Researchers compared airway clearance therapies in cystic fibrosis patients using specific cough technique (SCT) and forced expiration technique (FET).  

By Lisa Spear


We know that airway clearance is a fundamental part of the treatment regimen for cystic fibrosis patients, and effective mucus clearance is essential to reduce symptoms, lessen inflammation, and prevent infection; but it is also thought of as one of the most burdensome and time-consuming aspects of the cystic fibrosis treatment regimen.1-2

It’s difficult for patients and clinicians alike to measure how much airway clearance psychotherapy is enough to optimize improvements in health-related quality of life. A new research study, published in Plos One, aimed to explore this area.3

The secondary analysis of a prior clinical intervention study in airway clearance physiotherapy (ACP) included six adults. The study looked at eight weeks of therapy, twice a week, using saline inhalation in horizontal positions, one with specific cough techniques and one with the forced expiration technique, in random order.

Success of the treatment was determined by sputum weight after each session. The patients also reported their perception of the therapy and how useful it was. Lung function was assessed at baseline.

The researchers found a significant correlation between total sputum weight in grams and the positive changes in health-related quality of life respiratory symptoms scores, and between the changes in lung function and the health-related quality of life respiratory symptoms scores.

“By emphasizing sputum removal, respiratory symptoms and health perceptions improved. In addition, the improvement in respiratory symptoms was associated with lung function,” said coauthor Sandra Gursli, a physiotherapist at Oslo University Hospital in Oslo.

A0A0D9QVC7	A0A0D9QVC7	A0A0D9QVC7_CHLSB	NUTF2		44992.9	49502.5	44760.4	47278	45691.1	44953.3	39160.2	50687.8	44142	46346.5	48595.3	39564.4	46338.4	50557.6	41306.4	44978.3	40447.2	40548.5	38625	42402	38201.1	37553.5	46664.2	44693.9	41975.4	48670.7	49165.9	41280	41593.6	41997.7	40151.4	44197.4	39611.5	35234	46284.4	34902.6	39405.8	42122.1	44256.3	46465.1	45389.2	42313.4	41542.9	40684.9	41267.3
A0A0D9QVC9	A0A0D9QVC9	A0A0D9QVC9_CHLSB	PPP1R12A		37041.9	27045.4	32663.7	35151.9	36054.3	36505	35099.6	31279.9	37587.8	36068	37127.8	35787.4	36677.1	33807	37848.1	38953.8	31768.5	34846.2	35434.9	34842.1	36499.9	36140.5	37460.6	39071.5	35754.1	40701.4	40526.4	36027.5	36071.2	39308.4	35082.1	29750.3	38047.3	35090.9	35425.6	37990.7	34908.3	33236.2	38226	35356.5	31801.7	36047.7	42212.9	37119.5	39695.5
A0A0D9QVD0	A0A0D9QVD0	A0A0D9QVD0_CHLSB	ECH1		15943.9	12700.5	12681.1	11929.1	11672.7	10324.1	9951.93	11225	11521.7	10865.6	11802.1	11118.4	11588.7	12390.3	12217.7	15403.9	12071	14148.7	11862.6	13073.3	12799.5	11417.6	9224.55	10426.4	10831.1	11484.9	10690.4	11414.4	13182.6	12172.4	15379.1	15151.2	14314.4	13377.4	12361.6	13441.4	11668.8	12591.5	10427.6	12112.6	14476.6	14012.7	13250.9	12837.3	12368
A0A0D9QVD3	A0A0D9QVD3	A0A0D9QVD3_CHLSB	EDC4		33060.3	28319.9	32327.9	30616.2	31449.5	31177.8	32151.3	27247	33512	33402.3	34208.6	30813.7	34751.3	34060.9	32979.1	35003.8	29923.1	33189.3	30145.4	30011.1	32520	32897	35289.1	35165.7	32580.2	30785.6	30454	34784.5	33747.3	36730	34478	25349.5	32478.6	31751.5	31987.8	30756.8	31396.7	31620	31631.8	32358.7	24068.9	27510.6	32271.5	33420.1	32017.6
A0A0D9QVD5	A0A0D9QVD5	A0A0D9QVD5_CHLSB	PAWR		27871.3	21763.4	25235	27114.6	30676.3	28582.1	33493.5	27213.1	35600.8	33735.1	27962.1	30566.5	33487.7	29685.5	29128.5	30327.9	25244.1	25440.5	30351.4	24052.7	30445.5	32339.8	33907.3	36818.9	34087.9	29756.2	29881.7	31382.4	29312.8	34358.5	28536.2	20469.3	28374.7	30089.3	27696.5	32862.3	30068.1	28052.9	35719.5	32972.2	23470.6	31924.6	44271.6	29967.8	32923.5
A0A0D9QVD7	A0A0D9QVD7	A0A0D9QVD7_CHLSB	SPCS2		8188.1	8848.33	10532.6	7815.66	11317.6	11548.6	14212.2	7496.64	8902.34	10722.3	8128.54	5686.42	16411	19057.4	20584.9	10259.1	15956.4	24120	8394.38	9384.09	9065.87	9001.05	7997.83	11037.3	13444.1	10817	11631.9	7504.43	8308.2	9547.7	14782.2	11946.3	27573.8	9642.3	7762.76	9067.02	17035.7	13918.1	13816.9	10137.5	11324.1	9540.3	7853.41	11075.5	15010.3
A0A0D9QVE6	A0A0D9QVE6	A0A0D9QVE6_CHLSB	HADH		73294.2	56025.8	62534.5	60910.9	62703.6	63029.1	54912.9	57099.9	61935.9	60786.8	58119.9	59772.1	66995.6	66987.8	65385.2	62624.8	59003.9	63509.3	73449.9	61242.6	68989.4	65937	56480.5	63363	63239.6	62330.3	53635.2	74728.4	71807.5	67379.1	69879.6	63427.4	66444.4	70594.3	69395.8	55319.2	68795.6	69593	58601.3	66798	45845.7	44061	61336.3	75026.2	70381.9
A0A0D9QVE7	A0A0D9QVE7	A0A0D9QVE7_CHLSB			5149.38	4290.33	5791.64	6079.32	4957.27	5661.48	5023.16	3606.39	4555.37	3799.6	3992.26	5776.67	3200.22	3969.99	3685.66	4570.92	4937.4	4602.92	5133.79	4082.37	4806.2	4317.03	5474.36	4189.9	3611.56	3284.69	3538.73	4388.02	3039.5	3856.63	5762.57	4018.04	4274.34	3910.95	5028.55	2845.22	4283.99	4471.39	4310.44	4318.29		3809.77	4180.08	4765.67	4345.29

The airway clearance intervention was associated with clinically meaningful changes in patient-reported symptoms in health-related quality of life for the majority of the participants, the researchers concluded.  

The study found that ACP had an effect on HRQoL with clinically relevant changes in respiratory symptoms scores in the majority of the participants, clearly exceeding MID ≥ 4 p, and with a positive change in the CFQ-R Health Perceptions scores in all research subjects, explains Gursli.

“A strong correlation was found between the clearance of mucus from the airways (total sputum weight) and positive changes in CFQ-R-RSS, and between changes in lung function (FEF50) and CFQ-R-RSS before and after completed intervention,” said Gursli.

In a more extended analysis, it was found that sputum weight alone explained the improvement in HRQoL. In addition, results show a linkage between different types of outcomes and a relationship between clinical variables and HRQoL.

“This finding warrants further investigation regarding treatment, duration and frequency. A long-term study may reveal beneficial effects on other clinically meaningful endpoints, such as pulmonary exacerbations, high-resolution computed tomography scores and [health-related quality of life],” the researchers wrote.


RT

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References

  1. Fahy JV and Dickey BF, Airway mucus function and dysfunction. New England Journal of Medicine, 2010. 363(23): p. 2233–2247.
  2. Royce FH and Carl JC, Health-related quality of life in cystic fibrosis. Current Opinion in Pediatrics, 2011. 23(5): p. 535–40. pmid:21900781
  3. Gursli S, Quittner A, Jahnsen RB, Skrede B, Stuge B, Bakkeheim E. Airway clearance physiotherapy and health-related quality of life in cystic fibrosis. PLoS One. 2022 Oct 18;17(10):e0276310.